Beyond MLPs, Kramer says he has found other stock ideas in energy, including oil tanker operators and Canadian oil sand companies. They have been reducing their capital spending and acquisitions and their free cash flow yield is expanding as a result.

Kramer has also seen opportunities in dividend-paying stocks from gold mining companies. “Mining companies have become much more reliable and transparent about how they allocate cash and manage their balance sheets so you can feel much more comfortable investing in them.”

Big US banks are another place where one can look for dividend income. “There has been a lot of bad news priced in about commercial property, particularly about the office building landlords that banks have made big loans to. Those things are bad, but I don't believe they're as bad as the market has suggested. Also, some big regional banks have actually raised a lot of money and buffered their balance sheets,” he says.

Why are dividend-paying stocks looking better than other investments right now?

Says Kramer, “Not so long ago, convertible bonds and preferred stocks issued by some of these same companies were more attractive than their stocks. But that’s no longer the case. They've either left the market or their prices have already risen to a point where they don’t represent compelling buying opportunities. But now, their stocks are available at relatively attractive prices. That’s because there’s a lot of good news about the economy and the fundamentals of many companies and industries that’s priced into the large-cap and growth stocks, but which hasn’t really lifted small- and mid-cap equities yet."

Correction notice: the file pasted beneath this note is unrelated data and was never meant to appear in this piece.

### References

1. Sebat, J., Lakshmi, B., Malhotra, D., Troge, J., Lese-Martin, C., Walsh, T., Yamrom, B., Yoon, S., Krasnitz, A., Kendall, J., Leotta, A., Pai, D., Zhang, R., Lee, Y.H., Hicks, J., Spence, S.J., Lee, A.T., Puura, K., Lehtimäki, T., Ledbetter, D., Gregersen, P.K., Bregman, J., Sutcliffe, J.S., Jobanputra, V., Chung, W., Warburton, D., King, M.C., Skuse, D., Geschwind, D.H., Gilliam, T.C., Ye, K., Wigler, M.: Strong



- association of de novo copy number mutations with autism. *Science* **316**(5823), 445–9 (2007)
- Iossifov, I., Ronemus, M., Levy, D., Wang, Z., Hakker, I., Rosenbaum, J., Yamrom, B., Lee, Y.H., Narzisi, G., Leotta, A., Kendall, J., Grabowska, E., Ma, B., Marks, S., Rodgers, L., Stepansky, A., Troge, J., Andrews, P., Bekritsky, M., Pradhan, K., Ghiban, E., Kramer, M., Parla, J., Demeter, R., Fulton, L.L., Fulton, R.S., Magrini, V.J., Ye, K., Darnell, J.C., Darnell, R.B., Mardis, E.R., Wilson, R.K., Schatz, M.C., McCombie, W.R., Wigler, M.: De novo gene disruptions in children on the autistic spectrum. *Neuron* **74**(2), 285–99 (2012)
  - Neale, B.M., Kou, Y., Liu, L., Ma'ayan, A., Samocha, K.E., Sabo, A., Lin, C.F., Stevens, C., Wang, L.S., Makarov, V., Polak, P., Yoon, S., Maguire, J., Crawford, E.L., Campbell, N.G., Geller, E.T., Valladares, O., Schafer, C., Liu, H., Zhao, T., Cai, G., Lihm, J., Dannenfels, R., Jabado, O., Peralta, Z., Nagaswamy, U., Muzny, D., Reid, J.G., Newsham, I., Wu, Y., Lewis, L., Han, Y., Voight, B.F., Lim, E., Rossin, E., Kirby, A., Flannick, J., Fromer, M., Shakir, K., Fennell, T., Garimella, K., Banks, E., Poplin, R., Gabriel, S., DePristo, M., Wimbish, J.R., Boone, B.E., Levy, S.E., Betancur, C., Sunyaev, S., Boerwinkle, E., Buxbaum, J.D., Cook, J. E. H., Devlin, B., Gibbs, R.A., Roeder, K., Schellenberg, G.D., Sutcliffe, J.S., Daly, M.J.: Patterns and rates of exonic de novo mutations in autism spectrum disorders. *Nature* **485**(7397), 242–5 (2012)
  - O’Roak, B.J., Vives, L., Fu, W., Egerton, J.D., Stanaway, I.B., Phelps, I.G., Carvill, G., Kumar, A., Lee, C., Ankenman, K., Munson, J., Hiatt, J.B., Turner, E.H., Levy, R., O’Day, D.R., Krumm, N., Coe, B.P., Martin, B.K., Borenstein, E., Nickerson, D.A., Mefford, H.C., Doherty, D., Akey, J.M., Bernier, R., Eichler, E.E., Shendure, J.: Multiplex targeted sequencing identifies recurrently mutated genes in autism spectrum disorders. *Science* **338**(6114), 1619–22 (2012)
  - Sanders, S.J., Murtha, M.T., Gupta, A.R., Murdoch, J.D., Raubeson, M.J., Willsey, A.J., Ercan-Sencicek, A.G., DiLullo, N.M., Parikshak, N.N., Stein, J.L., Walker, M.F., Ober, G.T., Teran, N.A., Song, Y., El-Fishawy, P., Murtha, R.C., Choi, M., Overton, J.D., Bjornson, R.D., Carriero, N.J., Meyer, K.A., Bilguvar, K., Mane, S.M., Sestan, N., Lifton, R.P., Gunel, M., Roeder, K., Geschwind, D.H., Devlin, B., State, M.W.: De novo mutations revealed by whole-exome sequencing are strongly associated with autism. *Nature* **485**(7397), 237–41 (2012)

Dividends and inflation

The persistence of inflation is another reason why dividend-paying stocks may be good ideas for the second half of 2024. Although inflation has come down over the past year, it remains higher than it has been during most of the past several decades. Unlike many bonds and other investments that pay a previously determined rate of interest to investors who own them, stocks’ dividends can—and often do—rise when inflation is high. Companies typically pay dividends each quarter and they often adjust them based on a variety of factors. "Companies that pay a sustainable and growing dividend have the potential to grow their income to keep up with inflation," says Kramer.

What to know about dividends

To be a successful dividend stock investor, you first need to understand several concepts. The first is dividend yield, which measures how much income the stock will produce. Dividend yield is a stock's annual dividend expressed as a percentage of its price. It's also important to understand that a stock's price and its dividend yield move in opposite directions as long as the dollar amount of the dividend doesn't change.

Would-be dividend investors should also know to look at the company's payout ratio. That refers to the amount of its net income or free cash flow that it pays in dividends. Low is usually good: A low ratio suggests the company may be able to sustain and possibly boost its payments in the future. "It's more about the stability of a company’s cash flows than about the level of payout. When the payout ratio is more than 50%, you always stress test that ratio," says Kramer. You can calculate dividend payout ratios using information from companies' income statements by dividing the company's dividends per share by its earnings per share.